Background The fundamental representation of ${\rm SU(N)}$ is denoted by ${\bf N}$ and the conjugate of the fundamental is denoted by ${\bar{\bf N}}$. If the representation ${\bf N}$ is related to ${\bar{\bf N}}$ via a similarity transformation (i.e., equivalent), ${\bf N}$ is called a real representation. For example, the ${\bf 2}$ of ${\rm SU(2)}$ is a real representation while the ${\bf 3}$ of ${\rm SU(3)}$ is not.

Sub-context $1$ In the Standard Model, the left-handed lepton and quark fields belong to the ${\bf 2}$ of ${\rm SU(2)_L}$ and their antiparticle fields belong to ${\bar{\bf 2}}$.

Question $1$ What does the reality of ${\bf 2}$ tell us about the weak interaction?

Sub-context $2$ In the theory of strong interactions, quantum chromodynamics, the quark of a given flavor but three different colors belong to the ${\bf 3}$ of ${\rm SU(3)}$ and their antiparticle field belong to $\bar{{\bf 3}}$ which is not equivalent to ${\bf 3}$.

Question $2$ Also, how does the fact ${\bf 3}$ of ${\rm SU(3)}$, not being a real representation, affect the strong interaction of quarks?

  • $\begingroup$ Is your "real" and "conjugate " meaning connected with real and complex numbers? $\endgroup$ – anna v Sep 12 at 3:23
  • $\begingroup$ @annav en.wikipedia.org/wiki/… $\endgroup$ – probably_someone Sep 12 at 3:23
  • $\begingroup$ @probably_someone thanks $\endgroup$ – anna v Sep 12 at 3:26
  • A1 : It's not the quarks, it's the Higgs doublet (actually, you could invert everything and keep the action at the quarks, and not the Higgs, but this is too messy to teach to dyslexic audiences with no appeals to hermiticity).

Specifically, $(\phi_1, \phi_2)$ is a doublet, and so is its strictly equivalent conjugate, $(\phi_2^*, -\phi_1^*)$. As a result, if you pick your vacuum to be $\langle (\phi_1, \phi_2)\rangle =(0,v)$, then $\langle(\phi_2^*, -\phi_1^*)\rangle=(v,0)$. So you may dot either the Higgs doublet or its conjugate to a fermion weak doublet in your (independent!) $SU(2)_L$-invariant Yukawa couplings; and thereby give (independent) masses to both the lower and upper components of your fermion doublet, so both the d and u quarks! (A very good thing.)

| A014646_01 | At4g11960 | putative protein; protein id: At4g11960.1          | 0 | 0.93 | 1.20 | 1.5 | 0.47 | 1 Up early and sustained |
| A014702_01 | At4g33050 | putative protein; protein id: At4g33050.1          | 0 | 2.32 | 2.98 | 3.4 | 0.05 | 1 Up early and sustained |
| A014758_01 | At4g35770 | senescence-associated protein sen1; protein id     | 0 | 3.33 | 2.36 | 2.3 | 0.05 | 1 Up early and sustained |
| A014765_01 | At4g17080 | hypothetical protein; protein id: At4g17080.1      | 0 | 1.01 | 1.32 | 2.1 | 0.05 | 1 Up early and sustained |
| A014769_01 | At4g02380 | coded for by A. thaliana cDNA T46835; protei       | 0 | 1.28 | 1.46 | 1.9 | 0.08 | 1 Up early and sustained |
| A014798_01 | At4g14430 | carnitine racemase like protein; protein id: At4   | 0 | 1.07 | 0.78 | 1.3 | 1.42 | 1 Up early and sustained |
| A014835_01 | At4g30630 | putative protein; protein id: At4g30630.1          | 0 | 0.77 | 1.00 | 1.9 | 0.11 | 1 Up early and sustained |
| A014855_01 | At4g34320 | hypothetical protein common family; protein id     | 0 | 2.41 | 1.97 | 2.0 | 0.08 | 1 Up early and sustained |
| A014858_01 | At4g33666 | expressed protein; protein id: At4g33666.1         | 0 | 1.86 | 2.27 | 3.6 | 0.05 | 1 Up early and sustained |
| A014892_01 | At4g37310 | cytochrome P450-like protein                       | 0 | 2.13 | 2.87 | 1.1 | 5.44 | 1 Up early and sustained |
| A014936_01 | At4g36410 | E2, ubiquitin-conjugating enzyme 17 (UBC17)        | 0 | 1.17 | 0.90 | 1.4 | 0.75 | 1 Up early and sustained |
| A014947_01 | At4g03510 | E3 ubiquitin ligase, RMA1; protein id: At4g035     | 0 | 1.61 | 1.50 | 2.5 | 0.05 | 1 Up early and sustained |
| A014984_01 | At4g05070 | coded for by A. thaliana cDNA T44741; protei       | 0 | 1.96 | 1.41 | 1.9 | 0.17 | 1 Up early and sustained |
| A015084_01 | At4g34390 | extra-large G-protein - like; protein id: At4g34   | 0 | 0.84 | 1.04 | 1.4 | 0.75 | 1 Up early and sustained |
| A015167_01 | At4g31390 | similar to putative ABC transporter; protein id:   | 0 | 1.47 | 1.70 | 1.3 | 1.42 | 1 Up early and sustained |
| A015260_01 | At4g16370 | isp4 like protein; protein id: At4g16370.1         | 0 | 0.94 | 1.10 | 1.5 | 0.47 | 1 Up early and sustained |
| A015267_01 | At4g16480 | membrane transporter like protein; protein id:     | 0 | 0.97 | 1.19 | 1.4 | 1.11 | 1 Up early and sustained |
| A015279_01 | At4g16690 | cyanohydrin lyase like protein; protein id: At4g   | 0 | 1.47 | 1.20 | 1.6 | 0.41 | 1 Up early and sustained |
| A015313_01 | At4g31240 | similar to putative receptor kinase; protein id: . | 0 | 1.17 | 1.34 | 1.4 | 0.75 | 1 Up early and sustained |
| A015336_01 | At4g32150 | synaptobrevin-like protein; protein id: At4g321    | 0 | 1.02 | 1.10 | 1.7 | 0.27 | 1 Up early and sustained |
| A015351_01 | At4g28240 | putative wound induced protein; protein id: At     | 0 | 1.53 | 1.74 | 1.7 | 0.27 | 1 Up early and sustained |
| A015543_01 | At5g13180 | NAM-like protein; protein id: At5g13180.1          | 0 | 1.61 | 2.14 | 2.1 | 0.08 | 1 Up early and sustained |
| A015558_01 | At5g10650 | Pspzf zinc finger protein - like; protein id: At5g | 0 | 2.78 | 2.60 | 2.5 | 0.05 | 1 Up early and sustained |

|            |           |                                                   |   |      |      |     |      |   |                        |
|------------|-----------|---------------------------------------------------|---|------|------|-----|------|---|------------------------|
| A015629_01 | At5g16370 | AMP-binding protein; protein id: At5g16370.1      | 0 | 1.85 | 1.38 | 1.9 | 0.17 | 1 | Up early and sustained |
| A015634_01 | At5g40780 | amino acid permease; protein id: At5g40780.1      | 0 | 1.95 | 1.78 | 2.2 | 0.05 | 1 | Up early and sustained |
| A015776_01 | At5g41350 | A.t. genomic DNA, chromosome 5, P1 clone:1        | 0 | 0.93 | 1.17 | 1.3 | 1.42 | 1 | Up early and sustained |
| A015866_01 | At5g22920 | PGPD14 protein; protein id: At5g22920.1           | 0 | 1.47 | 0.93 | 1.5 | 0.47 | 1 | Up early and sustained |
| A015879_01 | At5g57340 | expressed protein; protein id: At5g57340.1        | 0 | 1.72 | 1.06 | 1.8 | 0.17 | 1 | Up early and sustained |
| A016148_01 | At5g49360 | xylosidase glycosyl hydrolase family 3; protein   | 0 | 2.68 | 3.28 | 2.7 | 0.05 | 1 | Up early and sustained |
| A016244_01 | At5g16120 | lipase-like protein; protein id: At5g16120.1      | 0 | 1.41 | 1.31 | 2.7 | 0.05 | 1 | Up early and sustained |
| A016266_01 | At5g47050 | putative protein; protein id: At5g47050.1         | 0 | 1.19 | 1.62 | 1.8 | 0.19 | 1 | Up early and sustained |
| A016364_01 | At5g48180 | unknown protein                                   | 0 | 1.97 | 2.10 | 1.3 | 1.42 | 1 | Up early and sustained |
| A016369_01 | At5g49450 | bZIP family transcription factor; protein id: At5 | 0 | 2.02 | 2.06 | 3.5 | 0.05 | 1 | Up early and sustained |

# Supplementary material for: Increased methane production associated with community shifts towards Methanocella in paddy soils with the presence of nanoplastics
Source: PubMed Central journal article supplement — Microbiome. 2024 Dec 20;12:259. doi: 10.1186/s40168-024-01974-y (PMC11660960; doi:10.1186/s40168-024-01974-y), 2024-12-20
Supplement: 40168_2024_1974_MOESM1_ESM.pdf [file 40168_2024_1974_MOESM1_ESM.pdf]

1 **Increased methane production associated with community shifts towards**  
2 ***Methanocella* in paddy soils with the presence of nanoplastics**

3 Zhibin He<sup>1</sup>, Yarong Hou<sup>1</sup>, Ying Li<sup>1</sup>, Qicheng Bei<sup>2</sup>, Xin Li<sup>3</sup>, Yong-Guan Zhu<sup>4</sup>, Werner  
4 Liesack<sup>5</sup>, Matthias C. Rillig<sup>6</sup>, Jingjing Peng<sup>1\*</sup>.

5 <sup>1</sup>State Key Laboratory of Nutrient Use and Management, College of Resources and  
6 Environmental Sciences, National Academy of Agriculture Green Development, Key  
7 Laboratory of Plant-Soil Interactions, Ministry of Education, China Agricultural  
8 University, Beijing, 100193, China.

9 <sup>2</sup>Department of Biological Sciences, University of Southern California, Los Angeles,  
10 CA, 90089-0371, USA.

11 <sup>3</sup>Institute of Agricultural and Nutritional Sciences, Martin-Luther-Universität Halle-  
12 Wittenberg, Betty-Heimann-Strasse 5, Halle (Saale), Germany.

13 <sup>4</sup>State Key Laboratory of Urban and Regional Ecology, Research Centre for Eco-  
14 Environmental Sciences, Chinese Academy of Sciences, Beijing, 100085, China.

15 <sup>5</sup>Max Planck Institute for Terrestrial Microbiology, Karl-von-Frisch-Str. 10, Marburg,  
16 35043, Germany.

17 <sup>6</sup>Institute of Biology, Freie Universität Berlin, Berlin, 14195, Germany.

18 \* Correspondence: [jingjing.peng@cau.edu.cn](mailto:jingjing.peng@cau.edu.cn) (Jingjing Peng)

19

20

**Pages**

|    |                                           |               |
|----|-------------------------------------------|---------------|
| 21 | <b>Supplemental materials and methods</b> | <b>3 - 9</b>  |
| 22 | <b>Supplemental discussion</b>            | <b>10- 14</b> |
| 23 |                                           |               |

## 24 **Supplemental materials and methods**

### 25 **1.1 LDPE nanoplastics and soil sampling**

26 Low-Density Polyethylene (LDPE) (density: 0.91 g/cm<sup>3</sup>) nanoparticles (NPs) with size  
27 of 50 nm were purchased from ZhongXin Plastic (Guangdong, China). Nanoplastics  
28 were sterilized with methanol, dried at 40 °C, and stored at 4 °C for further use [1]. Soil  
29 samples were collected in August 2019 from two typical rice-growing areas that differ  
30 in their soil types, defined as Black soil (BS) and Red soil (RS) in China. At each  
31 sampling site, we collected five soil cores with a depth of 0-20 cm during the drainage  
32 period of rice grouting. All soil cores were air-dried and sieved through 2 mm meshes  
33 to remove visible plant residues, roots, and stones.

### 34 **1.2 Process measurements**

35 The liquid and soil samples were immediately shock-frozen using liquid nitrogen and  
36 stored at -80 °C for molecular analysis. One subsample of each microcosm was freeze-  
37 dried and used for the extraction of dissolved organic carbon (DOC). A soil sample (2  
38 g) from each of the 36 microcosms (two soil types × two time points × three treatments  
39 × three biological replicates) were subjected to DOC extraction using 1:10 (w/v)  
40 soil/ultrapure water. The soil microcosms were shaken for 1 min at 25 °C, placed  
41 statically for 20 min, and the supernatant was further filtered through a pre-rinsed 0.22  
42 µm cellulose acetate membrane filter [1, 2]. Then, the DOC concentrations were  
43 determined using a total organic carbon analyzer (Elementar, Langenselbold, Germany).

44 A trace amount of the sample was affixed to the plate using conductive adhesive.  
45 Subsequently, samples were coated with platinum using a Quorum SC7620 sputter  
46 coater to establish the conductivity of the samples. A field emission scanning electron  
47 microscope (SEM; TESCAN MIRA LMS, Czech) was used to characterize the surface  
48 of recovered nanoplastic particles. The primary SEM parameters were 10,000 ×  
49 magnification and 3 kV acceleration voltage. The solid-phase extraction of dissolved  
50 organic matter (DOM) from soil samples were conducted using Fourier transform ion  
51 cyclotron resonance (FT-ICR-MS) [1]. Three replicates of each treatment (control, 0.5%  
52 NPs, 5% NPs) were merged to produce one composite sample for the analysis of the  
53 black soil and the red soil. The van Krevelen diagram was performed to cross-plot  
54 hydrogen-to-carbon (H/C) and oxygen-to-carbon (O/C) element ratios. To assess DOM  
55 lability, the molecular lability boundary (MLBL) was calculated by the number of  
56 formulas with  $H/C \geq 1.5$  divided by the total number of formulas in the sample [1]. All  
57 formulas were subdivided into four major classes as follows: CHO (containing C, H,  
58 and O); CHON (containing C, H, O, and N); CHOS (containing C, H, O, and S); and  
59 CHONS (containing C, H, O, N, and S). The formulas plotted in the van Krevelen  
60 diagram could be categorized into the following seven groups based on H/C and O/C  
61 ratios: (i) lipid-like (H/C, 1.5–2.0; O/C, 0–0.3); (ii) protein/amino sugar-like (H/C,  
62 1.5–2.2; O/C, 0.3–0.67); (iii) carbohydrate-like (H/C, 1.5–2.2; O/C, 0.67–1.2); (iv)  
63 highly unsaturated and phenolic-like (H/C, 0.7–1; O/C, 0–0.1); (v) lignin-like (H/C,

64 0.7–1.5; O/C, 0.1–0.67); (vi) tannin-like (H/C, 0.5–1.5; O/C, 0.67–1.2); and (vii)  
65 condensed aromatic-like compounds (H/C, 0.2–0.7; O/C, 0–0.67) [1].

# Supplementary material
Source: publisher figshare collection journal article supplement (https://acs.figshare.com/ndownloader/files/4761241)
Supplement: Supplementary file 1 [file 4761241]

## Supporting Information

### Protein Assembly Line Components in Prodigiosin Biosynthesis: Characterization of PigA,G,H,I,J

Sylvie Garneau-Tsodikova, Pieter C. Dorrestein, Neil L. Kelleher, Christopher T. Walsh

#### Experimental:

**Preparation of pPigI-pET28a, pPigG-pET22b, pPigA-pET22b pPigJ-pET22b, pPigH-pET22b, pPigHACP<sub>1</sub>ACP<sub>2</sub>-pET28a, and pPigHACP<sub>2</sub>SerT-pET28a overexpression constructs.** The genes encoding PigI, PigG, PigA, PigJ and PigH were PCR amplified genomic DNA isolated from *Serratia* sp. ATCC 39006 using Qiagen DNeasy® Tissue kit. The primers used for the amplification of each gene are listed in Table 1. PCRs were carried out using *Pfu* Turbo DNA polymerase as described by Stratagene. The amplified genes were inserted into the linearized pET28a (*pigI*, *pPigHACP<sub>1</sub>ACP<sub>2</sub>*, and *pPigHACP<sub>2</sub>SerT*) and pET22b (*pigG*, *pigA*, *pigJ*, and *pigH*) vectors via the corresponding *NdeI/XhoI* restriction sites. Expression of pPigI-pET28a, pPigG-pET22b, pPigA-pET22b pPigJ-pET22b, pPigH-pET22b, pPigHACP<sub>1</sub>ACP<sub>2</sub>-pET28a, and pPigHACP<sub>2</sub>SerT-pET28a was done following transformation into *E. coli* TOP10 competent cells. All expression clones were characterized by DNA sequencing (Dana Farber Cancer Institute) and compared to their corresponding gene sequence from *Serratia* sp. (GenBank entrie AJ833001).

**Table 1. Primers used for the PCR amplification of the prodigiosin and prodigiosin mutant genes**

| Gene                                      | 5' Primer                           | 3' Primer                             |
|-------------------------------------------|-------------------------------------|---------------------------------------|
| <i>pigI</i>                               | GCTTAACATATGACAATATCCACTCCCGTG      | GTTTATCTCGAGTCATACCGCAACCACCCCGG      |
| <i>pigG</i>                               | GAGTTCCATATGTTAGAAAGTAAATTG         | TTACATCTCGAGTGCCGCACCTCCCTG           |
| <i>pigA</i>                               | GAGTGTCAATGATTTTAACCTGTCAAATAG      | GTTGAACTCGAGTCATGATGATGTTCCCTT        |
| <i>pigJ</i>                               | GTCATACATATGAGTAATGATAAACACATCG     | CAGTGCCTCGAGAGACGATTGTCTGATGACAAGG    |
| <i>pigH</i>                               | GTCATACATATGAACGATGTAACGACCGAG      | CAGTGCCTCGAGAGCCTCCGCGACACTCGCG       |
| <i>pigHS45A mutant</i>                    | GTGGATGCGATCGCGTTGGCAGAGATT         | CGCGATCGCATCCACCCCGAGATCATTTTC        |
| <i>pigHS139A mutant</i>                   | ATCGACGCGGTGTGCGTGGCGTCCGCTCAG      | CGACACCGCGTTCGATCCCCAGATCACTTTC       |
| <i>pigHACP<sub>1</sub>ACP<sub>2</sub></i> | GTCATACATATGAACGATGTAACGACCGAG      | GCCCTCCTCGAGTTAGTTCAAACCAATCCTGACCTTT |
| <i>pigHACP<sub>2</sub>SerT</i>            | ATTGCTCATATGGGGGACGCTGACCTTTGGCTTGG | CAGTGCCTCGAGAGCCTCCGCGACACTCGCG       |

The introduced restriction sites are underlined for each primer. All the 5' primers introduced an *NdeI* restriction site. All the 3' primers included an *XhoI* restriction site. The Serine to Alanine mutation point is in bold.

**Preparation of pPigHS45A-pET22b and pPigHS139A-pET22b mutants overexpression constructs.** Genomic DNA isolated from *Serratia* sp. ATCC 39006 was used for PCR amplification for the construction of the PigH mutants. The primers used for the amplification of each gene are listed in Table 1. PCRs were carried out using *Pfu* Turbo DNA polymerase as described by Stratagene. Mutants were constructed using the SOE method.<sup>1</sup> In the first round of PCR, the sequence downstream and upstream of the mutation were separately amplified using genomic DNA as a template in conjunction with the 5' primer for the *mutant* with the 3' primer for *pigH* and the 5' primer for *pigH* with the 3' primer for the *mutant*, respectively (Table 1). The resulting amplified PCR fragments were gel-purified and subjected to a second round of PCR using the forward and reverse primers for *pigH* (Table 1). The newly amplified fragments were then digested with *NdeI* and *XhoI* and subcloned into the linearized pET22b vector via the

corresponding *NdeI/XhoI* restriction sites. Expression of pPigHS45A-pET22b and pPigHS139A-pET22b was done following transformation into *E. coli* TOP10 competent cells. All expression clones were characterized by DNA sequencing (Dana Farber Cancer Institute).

An ancillary advantage of the equivalence is that the symmetric d - coefficient in the anticommutator of two generators vanishes for SU(2), so the anomaly coefficient of the doublet and the equivalent antidoublet amount to the same thing. ∴ There are no "unmixed" SU(2)$^3$ chiral anomalies in the SM, which would otherwise invalidate this gauge symmetry.

  • Parenthetically, an easy way to see reality for N=2 is to note that the one box Young tableau is the same as the one column of height N-1 one, uniquely for this value of N.

  • A2 : For SU(3), by contrast, there are chiral anomalies, but QCD is a vectorlike theory (non-chiral couplings), consisting of equal mixtures of left and right fermions, with opposite anomaly coefficients, so they cancel. ∴ QCD is anomaly free as well--phew!

I don't know of any other advantages or disadvantages associated with the inequivalence of conjugate representations. Of course, hadron spectroscopy is dominated by the difference in these two components, and is very different than a putative spectroscopy of e.g., SU(2) or SU(7) of color. The questions are a bit too broad to address...

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